The world is moving much faster today than it did just 20 or 30 years ago and consumers demand speed and convenience in all aspects of life. Consequently, life insurers are stepping up to the challenge and are seeking new ways to provide faster, more convenient customer service throughout all segments of the policy lifecycle. And they are finding that Big Data can be an effective, economical solution that can help them achieve this goal.
More and more individuals use – be it on purpose or unknowingly – devices that track medical and behavioral data, and the cost of such devices is steadily falling, contributing further to their integration into daily life. Mobile applications devoted to health are available by the tens of thousands and are becoming ever more popular, with some exploring the trend of “gamification”, whereby users are rewarded to reach certain targets, like number of daily steps taken.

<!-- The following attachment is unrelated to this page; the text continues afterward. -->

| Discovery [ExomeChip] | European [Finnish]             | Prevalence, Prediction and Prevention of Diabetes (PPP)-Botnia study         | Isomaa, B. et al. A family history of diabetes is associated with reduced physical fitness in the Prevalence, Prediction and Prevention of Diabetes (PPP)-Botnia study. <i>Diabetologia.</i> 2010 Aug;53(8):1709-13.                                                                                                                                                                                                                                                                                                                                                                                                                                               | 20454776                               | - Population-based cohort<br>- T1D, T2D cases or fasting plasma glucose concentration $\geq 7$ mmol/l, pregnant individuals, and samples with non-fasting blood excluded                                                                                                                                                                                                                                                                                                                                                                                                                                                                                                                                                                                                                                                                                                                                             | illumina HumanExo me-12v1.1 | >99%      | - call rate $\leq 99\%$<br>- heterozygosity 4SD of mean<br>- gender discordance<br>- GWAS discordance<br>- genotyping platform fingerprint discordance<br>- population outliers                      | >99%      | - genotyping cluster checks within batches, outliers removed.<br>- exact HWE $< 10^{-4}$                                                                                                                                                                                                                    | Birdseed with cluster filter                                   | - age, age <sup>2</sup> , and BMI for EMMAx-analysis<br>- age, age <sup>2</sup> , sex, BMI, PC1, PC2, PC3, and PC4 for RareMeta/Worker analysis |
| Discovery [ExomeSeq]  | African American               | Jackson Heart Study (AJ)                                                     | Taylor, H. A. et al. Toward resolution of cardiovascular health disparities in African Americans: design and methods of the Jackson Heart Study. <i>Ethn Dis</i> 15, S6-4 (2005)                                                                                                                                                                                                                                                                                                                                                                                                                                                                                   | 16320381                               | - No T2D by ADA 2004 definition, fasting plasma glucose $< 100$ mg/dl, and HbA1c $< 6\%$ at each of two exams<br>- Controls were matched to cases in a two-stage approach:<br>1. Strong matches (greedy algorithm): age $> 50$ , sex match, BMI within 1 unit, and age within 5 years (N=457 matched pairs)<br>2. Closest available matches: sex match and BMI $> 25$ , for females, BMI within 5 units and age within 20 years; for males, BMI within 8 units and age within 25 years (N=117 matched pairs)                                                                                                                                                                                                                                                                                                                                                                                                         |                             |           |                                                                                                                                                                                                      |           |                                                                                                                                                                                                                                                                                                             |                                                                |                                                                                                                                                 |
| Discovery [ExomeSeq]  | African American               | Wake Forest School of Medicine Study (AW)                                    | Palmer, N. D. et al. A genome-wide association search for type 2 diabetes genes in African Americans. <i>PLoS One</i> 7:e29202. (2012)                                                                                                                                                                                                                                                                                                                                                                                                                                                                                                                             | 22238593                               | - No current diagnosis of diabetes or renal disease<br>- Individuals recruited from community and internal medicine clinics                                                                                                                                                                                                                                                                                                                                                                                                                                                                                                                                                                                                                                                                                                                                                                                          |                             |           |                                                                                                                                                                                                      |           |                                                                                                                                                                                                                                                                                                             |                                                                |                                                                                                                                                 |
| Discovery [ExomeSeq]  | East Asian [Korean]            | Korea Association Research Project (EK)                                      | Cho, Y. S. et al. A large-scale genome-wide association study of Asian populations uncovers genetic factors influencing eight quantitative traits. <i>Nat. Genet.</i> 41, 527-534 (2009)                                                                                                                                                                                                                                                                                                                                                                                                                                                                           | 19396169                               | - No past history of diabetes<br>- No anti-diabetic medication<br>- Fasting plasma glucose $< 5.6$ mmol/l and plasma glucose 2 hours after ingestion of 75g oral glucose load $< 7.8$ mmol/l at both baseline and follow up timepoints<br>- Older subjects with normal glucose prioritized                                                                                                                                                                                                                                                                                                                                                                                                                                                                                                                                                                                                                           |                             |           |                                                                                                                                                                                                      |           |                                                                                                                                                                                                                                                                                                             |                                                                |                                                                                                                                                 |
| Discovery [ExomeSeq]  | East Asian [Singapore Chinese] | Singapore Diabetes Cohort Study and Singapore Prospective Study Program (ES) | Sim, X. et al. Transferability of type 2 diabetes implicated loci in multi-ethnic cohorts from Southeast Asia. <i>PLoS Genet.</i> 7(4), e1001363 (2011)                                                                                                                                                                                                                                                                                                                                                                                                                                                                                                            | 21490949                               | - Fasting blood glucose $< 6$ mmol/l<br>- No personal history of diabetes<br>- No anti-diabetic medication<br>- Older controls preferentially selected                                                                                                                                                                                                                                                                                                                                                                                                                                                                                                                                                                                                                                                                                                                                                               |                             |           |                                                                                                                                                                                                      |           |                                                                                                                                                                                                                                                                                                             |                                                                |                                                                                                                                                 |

Life and annuity insurance companies are seeking any and all means to improve business performance in a time of rapid change. Advancements in data and analytics promise to deliver significant improvements in the speed and reliability of decision-making and offer insurers a competitive advantage.
It has been difficult to attend an underwriting conference over the last two or three years without hearing about ‘wearable technology’, ‘personalized health’, ‘wellness programs’ or similar. Alongside these have been discussions about ‘big data’, ‘predictive modelling’ and ‘predictive analytics’, and the potential uses of alternative data sources in the underwriting process for greater accuracy or efficiency.
Observers of John Hancock’s innovative program have focused on data collection, but Vitality shows how the Internet of Things supports the future of the life insurance customer relationship as a high-touch partnership of shared interest in the policyholder’s well-being.
Whether it’s measuring fitness, activity, sleep or even stress levels there is a growing market for fitness wearables and sports trackers that has got our industry thinking about whether the data from these devices can be used to underwrite people; effectively rewarding the fittest, healthiest lives by reducing their premiums.
We hear a lot about wearables these days … smart watches, glasses, fitness trackers, helmets, and a myriad of other smart devices. These wearables incorporate sensors and chips for data collection, real-time analytics, gamification, and other features. But as the use of wearables increases, so do the concerns about security.